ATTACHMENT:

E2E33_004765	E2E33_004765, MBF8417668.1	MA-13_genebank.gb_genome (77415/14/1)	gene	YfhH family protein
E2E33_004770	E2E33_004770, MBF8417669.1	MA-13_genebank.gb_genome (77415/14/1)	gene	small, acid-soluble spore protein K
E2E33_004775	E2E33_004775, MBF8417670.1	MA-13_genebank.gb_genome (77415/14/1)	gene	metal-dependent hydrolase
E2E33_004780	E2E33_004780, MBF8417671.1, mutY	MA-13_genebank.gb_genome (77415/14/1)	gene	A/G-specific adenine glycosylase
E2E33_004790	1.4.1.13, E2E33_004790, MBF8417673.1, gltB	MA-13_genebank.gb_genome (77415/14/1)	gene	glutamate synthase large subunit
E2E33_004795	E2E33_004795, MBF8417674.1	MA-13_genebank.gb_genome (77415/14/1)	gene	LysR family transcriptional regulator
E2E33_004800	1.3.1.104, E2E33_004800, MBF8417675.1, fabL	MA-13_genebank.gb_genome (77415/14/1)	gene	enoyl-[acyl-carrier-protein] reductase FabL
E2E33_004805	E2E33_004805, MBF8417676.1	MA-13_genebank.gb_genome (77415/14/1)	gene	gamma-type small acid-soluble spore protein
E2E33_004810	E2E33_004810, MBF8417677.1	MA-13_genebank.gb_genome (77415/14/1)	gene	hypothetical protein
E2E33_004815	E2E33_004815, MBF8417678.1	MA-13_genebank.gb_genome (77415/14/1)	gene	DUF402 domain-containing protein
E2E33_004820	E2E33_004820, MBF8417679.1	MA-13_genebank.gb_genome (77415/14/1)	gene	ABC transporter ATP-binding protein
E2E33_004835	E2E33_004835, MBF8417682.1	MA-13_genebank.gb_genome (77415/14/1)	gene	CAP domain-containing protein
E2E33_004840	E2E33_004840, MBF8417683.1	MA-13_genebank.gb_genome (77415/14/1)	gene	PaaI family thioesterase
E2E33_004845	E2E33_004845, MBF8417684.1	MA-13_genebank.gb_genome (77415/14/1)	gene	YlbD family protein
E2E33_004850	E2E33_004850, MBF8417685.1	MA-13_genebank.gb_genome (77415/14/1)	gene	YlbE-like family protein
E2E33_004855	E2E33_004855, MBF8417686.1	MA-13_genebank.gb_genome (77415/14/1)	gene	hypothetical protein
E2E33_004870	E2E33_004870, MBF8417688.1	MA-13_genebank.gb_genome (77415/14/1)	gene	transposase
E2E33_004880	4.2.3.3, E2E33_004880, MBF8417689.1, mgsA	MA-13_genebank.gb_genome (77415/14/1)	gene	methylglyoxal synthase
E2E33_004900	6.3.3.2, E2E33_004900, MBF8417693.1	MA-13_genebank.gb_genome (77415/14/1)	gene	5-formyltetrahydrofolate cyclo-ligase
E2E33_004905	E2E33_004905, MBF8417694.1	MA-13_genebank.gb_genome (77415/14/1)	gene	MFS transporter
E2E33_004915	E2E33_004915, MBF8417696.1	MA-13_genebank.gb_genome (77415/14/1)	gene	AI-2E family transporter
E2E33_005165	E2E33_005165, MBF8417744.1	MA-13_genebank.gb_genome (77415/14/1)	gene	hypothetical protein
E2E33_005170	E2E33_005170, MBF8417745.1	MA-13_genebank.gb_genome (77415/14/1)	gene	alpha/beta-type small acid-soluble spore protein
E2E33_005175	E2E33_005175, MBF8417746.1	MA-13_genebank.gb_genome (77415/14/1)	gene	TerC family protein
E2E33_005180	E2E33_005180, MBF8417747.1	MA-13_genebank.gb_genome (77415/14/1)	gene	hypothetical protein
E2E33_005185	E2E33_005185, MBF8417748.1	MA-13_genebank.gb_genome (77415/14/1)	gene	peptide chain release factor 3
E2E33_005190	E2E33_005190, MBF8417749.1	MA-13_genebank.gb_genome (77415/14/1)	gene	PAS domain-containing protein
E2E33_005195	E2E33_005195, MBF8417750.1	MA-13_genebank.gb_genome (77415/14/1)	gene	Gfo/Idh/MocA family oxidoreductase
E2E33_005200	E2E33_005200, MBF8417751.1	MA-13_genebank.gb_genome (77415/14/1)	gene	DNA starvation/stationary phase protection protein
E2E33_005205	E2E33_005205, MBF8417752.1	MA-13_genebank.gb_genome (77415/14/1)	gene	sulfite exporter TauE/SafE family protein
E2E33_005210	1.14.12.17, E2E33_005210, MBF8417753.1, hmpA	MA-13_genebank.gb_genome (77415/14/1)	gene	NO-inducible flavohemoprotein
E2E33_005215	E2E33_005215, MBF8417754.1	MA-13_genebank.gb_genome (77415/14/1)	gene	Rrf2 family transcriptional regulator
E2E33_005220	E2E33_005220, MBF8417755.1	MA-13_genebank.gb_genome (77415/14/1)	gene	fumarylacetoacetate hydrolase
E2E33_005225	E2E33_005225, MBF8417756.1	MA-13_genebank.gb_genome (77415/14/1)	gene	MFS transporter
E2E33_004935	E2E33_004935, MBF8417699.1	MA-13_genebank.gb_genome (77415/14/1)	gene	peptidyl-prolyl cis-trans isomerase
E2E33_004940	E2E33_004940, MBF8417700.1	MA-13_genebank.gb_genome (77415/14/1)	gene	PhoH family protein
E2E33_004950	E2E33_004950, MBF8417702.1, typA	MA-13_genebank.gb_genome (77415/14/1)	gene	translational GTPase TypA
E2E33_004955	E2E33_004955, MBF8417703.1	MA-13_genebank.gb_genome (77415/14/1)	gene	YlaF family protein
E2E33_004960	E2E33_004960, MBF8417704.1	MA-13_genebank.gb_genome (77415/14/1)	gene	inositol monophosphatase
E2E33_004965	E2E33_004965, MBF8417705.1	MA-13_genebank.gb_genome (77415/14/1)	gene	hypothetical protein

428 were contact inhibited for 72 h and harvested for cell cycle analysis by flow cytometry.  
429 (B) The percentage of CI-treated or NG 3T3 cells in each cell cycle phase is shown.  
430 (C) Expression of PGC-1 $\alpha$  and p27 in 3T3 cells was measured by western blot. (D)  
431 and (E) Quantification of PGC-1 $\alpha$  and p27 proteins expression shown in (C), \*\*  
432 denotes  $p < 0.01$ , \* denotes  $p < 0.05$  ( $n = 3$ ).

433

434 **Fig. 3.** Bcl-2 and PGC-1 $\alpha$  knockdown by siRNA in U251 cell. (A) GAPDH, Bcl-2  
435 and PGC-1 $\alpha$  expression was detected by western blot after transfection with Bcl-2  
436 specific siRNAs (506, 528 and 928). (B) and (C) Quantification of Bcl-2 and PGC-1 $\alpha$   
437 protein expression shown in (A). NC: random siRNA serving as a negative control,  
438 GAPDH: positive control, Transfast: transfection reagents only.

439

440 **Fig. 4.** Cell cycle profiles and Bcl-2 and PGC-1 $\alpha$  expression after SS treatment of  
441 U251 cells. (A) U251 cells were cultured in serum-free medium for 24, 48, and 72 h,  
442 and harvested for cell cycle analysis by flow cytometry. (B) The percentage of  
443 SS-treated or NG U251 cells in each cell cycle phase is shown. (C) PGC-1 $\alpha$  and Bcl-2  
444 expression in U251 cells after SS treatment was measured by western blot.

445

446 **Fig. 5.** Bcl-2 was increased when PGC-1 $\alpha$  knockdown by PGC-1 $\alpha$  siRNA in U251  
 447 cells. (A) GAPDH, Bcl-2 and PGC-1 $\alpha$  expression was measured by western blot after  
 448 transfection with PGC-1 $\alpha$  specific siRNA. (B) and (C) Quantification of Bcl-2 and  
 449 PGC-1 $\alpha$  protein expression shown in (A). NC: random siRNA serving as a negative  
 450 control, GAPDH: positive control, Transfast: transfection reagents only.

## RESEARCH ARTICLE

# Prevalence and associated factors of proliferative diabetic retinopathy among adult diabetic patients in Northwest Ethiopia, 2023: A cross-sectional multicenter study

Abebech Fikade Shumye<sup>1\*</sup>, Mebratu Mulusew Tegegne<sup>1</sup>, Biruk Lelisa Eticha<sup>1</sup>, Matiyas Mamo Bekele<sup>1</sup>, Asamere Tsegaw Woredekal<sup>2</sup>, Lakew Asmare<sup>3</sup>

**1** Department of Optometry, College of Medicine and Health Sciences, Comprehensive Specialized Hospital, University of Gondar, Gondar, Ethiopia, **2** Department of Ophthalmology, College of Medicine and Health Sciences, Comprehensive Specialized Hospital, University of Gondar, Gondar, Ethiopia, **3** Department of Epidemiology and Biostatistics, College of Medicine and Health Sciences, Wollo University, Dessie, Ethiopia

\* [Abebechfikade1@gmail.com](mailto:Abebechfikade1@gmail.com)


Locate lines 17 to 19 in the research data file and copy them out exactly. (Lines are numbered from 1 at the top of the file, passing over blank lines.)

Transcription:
E2E33_004870	E2E33_004870, MBF8417688.1	MA-13_genebank.gb_genome (77415/14/1)	gene	transposase
E2E33_004880	4.2.3.3, E2E33_004880, MBF8417689.1, mgsA	MA-13_genebank.gb_genome (77415/14/1)	gene	methylglyoxal synthase
E2E33_004900	6.3.3.2, E2E33_004900, MBF8417693.1	MA-13_genebank.gb_genome (77415/14/1)	gene	5-formyltetrahydrofolate cyclo-ligase